White argues that Safeway is “addressing unique consumer needs and filling gaps in the stores’ overall assortment.” The more than 300 items in the O Organics line, for example, include Italian sodas and a bevy of baby snacks and beverages, products that Minasi says “brought us to the center of the store where there were no brands or just a single choice.” Added White: “What we’ve learned is that people are taking more visits to different types of outlets to fill their shopping needs. Our strategy is to build brand solutions so they no longer have to do that.”
If anyone is qualified to develop those solutions, it’s White. At 47, he is a veteran of CPG firms Gillette, Nestlé and Coca-Cola and uses that expertise to lead Safeway’s cross-functional team of about 50 marketing executives. He also oversees sales and manufacturing functions of its consumer brands unit.
White’s hiring in late 2005 signaled a much broader shakeup at the company, which had long been on a mission from CEO Steve Burd to streamline operations and reinvent its approach to marketing. “We have to act as if we are a CPG organization within a retail company,” said Minasi. “That mindset is critical to where we’ve gotten.”
To breathe new life into its private label program, Safeway bolstered its consumer research capabilities and enlisted outside agencies to create sophisticated package designs and TV advertising. (It now runs dedicated private label spots as opposed to embedding products in existing ads, a more common tack.) Total ad spending for Safeway stores reached a high of $149 million in 2006 (not including online), per Nielsen Monitor-Plus, before dipping to $114 million in 2007 and just $24 million through May of this year. A company rep said the spend was “consistent with historic levels” for the brand.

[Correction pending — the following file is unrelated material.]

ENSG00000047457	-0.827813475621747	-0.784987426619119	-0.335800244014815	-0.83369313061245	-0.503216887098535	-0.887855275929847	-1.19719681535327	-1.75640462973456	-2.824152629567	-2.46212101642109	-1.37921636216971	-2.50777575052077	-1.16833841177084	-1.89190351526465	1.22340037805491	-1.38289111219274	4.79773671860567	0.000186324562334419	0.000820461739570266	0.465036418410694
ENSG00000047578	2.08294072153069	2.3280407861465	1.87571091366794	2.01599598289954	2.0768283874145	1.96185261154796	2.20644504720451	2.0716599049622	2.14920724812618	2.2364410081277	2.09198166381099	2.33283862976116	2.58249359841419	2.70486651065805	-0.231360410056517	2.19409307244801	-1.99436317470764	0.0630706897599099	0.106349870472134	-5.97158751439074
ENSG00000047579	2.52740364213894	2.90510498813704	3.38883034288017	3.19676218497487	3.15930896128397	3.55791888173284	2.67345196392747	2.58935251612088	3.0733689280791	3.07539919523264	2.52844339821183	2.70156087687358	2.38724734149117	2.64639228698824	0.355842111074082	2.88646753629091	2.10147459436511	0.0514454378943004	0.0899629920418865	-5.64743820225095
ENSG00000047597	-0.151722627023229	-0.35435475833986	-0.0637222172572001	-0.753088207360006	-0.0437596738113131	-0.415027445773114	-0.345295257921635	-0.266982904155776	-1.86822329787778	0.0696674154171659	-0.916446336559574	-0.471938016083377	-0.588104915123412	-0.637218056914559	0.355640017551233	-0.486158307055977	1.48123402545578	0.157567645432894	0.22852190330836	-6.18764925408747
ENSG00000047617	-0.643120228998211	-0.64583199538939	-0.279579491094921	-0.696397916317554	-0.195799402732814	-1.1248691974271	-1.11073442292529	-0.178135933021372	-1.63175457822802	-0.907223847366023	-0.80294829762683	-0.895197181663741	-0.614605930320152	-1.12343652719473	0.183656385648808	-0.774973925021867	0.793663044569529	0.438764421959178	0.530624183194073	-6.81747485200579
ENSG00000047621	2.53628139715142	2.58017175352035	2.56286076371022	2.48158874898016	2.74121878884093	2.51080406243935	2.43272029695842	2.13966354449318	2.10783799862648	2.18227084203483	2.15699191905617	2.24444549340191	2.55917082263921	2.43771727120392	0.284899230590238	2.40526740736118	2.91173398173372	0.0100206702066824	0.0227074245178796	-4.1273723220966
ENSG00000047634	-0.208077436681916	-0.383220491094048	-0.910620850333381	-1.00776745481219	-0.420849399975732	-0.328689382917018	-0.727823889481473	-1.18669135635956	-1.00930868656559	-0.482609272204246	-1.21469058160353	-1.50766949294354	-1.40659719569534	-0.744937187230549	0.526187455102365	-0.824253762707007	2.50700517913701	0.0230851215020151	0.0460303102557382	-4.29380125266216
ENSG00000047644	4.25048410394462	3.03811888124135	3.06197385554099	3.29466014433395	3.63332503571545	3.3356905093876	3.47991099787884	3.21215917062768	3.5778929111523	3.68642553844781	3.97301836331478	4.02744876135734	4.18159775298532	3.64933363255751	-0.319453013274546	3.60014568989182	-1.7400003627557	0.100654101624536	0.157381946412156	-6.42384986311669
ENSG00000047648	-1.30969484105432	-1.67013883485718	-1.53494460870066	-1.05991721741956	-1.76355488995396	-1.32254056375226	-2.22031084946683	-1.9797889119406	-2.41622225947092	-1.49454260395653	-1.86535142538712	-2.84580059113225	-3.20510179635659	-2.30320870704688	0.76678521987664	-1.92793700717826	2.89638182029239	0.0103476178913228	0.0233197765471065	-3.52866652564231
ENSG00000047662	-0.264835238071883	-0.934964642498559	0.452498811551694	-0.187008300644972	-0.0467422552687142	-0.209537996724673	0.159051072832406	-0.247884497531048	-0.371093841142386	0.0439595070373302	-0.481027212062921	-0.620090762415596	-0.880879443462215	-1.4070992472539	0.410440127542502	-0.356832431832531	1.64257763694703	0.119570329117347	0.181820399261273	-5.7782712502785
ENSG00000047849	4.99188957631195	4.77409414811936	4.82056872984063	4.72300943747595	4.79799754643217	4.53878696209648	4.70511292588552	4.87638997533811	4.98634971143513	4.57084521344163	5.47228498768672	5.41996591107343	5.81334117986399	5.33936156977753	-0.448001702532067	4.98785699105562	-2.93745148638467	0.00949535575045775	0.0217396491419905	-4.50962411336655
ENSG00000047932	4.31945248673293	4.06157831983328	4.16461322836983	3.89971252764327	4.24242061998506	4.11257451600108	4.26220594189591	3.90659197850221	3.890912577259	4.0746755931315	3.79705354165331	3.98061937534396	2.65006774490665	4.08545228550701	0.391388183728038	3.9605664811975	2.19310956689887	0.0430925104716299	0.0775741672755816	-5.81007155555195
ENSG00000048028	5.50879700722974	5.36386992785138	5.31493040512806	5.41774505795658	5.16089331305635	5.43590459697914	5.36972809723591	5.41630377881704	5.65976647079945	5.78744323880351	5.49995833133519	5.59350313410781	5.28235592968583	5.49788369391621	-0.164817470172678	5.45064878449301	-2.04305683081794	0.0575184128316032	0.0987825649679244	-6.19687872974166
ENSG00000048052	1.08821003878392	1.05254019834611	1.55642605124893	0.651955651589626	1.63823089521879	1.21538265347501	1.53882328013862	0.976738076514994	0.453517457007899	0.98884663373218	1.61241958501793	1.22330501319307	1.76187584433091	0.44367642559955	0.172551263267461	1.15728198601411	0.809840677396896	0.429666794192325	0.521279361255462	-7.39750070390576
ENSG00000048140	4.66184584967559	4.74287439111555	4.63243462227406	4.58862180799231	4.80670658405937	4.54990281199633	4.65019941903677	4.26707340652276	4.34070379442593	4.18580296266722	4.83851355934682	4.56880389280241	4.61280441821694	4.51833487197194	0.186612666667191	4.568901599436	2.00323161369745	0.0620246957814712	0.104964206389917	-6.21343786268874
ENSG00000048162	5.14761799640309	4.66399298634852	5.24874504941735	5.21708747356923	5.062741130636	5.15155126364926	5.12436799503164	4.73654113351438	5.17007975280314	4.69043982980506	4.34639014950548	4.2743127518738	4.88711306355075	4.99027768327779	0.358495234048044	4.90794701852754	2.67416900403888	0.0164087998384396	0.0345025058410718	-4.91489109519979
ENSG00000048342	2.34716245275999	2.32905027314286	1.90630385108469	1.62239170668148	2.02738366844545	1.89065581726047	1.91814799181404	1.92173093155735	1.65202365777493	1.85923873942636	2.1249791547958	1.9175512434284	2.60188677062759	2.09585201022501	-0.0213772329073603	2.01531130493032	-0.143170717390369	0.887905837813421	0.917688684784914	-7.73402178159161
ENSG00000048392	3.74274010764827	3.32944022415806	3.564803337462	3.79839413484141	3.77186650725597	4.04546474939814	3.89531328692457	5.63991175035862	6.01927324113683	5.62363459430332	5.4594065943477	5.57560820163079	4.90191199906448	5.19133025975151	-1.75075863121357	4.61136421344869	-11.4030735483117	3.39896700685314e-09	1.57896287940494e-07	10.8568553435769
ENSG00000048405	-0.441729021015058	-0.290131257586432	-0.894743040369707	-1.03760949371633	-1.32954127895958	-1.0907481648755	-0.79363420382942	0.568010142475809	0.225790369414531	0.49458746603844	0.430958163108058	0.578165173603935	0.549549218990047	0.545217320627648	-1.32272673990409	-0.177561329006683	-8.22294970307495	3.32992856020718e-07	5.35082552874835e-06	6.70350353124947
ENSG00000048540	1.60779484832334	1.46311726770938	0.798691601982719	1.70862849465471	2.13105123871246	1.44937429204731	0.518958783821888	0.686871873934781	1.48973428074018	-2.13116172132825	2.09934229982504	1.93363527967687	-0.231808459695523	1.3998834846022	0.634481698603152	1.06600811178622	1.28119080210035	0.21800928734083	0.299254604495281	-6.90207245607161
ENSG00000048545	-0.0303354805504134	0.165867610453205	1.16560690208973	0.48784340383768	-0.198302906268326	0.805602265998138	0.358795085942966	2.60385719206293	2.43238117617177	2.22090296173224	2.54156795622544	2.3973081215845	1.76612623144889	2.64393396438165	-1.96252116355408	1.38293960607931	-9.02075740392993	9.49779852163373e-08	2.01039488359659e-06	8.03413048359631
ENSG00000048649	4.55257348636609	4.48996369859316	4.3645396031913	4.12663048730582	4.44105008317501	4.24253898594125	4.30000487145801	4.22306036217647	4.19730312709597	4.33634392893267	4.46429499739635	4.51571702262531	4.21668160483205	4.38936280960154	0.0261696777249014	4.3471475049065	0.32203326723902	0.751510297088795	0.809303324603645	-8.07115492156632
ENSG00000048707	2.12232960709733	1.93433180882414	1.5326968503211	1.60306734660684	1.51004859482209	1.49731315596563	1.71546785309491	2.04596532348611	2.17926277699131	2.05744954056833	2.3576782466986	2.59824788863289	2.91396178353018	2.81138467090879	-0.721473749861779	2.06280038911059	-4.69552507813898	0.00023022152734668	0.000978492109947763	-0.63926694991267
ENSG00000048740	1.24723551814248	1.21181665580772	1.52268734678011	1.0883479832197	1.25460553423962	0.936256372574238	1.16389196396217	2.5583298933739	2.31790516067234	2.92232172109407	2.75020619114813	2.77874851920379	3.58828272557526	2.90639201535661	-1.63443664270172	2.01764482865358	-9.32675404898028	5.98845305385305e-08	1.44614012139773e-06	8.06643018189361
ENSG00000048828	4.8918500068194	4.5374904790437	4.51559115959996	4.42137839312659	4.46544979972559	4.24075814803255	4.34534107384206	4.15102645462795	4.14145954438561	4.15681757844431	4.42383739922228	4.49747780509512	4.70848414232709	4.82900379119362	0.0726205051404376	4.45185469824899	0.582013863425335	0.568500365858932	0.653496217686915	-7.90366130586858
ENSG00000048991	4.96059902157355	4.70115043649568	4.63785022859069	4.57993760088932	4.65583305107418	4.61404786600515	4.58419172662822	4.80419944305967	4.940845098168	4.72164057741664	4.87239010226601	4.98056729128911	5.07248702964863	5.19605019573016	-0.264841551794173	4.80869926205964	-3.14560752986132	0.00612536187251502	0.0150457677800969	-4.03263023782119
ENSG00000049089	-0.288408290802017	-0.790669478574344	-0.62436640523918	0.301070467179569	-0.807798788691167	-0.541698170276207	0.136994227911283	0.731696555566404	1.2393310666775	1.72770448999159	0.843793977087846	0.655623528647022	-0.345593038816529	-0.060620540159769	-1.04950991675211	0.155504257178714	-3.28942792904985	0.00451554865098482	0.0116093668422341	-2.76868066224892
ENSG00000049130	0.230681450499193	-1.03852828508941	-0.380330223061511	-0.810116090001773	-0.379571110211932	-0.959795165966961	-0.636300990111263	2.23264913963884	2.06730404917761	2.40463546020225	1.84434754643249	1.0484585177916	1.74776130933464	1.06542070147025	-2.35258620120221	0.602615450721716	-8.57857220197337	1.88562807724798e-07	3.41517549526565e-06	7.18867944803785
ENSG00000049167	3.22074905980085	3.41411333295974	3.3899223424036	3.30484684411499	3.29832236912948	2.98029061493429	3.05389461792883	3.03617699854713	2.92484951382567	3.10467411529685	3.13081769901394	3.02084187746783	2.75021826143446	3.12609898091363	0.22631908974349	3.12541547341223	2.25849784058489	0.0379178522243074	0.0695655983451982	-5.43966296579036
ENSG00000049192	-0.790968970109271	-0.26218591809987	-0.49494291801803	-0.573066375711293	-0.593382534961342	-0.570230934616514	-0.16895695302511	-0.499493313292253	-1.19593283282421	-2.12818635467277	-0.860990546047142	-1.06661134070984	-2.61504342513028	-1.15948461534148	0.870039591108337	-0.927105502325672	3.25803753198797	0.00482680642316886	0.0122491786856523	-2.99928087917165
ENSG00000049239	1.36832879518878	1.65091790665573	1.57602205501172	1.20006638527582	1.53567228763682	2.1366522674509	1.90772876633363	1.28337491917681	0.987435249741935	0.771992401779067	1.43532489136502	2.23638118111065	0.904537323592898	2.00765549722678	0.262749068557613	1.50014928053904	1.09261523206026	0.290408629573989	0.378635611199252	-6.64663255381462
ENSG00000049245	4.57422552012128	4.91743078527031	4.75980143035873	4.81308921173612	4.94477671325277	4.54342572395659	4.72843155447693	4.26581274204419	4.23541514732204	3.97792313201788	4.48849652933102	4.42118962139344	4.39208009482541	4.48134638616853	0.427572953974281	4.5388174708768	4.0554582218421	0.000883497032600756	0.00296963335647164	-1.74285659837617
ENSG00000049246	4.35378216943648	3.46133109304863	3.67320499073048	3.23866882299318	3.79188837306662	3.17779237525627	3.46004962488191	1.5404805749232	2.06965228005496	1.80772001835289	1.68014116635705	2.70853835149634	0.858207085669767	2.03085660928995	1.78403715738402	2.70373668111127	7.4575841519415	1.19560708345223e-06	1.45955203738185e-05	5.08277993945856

Additionally, Safeway consolidated its complex hierarchy of 70 store brands into 10 “power” brands and recruited a host of CPG marketers in the mold of White. “We realized we had to think differently about the kinds of individuals we brought in to manage that process,” said Minasi. Two of those individuals, both former colleagues of White’s, are Matt Miller, vp-marketing and innovation, and Sheetal Khanna, director of marketing.
“James is a visionary. He sees trends early and has an ability to mobilize teams toward a common cause,” observed Miller, an ex-Nestlé marketer who often receives kudos for his deft handling of Safeway’s agency relationships. Khanna, a former Gillette employee, concurred. “My admiration for James’ leadership is a big reason why I’m here.”
Figuring Out What Works
White defines his “vision” as an ability to assess marketplace trends in the context of quantitative research. For example, customer feedback gleaned from a variety of sources (e.g., focus groups, transactional store data) revealed that, despite the store’s large selection of health-oriented frozen entrees, many of those products simply didn’t taste very good. In developing the Eating Right portfolio, White said, “We didn’t want to build a fad-oriented brand or a diet brand. It wouldn’t have had the fewest calories or lowest fat and it would have tasted terrible.”
Thus, Safeway positioned the line as “Uniting Flavor and Nutrition” and created a system of packaging markers in the shape of easy-to-spot colored spheres to delineate a particular health benefit such as “low fat,” “high in fiber,” or “made with whole grain.” The overall clean, contemporary package design (by Anthem, San Francisco) conveys a simplicity and lightness that effectively reinforces the brand’s message.